Visiting family in the O.C.

Okay, not quite. Hermosa Beach, at Karen's new apartment, for the weekend. Joannie gets in tomorrow morning from New Zealand, so it'll be a Wei family reunion in L.A.
I didn't watch much TV on the 11th, but flying always reminds me of 9-11. The loss of a more carefree way of life always strikes me when getting off of airplanes. In the past, a whole crowd of people would be waiting just beyond the door as you walked off the gangway, all smiling strangers looking past you, expectantly, and then the one familiar face looking at you. After sitting on an airplane for hours with strangers like an orphan, that moment when you see your friend or family member is the transition from being lost to being found, claimed and pulled back into the world.
Now, no one is allowed to the gate without a boarding pass, cars are shooed away by police, so such reunions happen by baggage claims or on curbs. I have to remove my shoes and walk through metal detectors in my socks. Sometimes I have to take off my belt as I'm wanded front and back, up and down. It's not that the inconvenience bothers me. Most of the security personnel at Seatac are almost sheepish, embarrassed that they have to subject us to these stringent procedures and thus surpassingly polite. Rather it's the reminder of the event that shifted us all into this mode of heightened suspicion that always depresses me.
After reading this article about a photo of one of the people who jumped out of the burning Towers, I couldn't stop imagining myself having to jump out of a burning building, the flames and smoke and scorching air behind me, and a fall of several hundred feet before me, the sidewalk far below. The article notes that jumpers fell through the air about 10 seconds, and I can't help thinking that when I did my Nevis bungy jump in New Zealand, I free fell about 9 seconds.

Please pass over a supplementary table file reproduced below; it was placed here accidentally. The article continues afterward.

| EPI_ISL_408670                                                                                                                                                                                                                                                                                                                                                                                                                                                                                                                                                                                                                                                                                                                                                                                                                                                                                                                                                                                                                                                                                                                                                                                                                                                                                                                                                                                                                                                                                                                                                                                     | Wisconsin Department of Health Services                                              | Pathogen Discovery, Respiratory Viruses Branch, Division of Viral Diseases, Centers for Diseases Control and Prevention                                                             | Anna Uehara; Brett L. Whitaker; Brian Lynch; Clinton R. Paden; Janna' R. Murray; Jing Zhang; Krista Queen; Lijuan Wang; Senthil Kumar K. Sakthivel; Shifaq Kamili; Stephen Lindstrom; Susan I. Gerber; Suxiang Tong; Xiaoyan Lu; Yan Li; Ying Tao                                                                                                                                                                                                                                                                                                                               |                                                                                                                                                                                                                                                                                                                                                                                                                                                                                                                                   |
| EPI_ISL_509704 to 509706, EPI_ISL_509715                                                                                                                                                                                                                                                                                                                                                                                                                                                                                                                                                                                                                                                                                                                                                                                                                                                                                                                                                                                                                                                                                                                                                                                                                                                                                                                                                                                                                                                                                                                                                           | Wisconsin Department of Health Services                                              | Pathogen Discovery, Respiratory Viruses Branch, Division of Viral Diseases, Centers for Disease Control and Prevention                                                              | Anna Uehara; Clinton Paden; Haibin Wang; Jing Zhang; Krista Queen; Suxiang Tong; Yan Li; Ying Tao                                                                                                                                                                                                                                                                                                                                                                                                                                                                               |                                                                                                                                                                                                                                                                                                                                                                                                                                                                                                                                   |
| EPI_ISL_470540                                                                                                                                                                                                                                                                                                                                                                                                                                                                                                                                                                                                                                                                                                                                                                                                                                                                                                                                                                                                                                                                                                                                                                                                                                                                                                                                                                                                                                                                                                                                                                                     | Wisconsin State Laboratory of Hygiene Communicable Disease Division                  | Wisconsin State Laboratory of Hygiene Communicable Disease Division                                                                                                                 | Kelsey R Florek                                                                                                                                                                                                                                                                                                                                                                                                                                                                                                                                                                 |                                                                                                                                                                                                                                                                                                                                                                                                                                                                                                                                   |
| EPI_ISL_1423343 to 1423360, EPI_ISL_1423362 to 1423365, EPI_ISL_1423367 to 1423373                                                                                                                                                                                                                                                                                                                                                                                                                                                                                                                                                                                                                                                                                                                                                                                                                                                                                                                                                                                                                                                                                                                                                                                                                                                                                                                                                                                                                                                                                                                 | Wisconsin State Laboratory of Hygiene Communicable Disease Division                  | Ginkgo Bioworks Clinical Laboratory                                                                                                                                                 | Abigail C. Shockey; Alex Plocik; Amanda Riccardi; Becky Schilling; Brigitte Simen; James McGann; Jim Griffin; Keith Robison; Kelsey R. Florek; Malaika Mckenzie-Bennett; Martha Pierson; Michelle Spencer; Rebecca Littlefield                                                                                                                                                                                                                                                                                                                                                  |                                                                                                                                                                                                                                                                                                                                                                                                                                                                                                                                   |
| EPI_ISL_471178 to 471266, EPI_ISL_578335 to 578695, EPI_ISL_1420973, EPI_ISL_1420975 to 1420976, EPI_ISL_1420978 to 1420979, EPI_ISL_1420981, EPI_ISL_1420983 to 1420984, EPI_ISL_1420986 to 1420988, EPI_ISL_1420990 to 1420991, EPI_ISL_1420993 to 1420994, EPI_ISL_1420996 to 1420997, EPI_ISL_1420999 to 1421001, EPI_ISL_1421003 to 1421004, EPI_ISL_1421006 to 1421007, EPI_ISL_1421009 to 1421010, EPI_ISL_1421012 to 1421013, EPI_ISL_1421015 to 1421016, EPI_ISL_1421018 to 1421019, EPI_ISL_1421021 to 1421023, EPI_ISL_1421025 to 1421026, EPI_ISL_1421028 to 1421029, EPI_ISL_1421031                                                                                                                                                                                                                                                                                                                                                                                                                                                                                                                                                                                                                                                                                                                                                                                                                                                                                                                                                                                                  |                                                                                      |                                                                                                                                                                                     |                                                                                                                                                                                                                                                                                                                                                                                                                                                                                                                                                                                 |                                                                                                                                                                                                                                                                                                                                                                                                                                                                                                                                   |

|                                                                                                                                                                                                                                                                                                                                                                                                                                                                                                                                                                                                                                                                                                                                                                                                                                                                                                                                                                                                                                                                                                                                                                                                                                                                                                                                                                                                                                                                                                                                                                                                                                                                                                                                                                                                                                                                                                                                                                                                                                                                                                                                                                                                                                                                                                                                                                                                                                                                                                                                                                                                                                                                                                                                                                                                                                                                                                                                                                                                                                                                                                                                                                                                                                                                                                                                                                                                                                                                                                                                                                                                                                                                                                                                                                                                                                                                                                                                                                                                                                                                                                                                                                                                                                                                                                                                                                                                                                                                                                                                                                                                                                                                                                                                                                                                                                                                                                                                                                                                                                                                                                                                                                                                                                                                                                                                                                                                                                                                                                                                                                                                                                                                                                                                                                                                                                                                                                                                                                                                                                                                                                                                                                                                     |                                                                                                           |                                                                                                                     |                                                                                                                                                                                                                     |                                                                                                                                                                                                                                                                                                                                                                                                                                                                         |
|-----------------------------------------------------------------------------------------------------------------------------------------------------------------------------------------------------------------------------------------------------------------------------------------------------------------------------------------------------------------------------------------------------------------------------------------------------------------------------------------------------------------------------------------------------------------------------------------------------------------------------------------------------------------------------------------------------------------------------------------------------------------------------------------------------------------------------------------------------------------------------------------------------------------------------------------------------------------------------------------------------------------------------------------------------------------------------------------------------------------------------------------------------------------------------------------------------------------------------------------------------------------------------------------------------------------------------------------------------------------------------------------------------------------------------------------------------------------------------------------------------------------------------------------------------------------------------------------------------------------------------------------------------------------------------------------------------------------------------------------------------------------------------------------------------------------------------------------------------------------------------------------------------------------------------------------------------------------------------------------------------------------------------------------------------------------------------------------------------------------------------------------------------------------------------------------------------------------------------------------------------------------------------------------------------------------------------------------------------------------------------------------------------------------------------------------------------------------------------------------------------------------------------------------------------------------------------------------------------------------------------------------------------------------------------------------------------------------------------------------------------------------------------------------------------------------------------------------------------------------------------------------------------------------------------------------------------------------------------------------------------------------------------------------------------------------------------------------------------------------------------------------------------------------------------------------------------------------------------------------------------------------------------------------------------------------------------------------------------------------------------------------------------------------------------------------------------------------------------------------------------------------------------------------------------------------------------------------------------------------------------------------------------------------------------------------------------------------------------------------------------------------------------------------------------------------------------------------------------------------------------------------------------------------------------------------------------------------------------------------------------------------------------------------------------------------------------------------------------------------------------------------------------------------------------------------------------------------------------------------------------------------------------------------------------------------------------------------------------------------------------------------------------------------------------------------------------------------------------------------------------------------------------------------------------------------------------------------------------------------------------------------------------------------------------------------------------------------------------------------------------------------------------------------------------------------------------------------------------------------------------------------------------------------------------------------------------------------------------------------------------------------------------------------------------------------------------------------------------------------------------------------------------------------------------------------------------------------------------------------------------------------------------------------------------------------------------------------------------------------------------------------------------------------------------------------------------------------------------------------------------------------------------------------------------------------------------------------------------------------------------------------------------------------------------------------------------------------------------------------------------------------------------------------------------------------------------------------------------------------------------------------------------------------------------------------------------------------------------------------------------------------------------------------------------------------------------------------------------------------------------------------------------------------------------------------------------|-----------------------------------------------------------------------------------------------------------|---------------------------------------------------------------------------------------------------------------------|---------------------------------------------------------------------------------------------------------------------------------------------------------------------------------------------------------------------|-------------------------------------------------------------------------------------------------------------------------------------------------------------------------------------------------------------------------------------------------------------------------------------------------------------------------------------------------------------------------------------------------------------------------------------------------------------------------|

Of course, the bungy jump was 9 seconds of exhilaration. Now, thinking about those who leapt from the Towers, I feel guilty for having enjoyed myself then.
The Falling Man has become the iconic image of the horror of 9-11, just like the photo of the young girl burned by napalm in Vietnam became the visual embodiment of all that was wrong about the Vietnam War.
More than ever, time spent with family and friends is precious. Seeing Alan and Sharon and Ryan and James and Jeff in NYC last weekend, and getting to spend time with Joannie and Karen and Mike this weekend, even if just to sit around hanging out, doing nothing...these all feel like stolen moments.
I'm reminded of those times when one wake up in the middle of the night to sneak a midnight snack from the fridge, and running into another light sleeper, and sharing a hot cocoa and conversation at the dinner table in a bathrobe and slippers, the only ones awake. Bonus memories.
Karen has passed out, listening to tunes on my iPod. Hopefully she's listening to a happy song.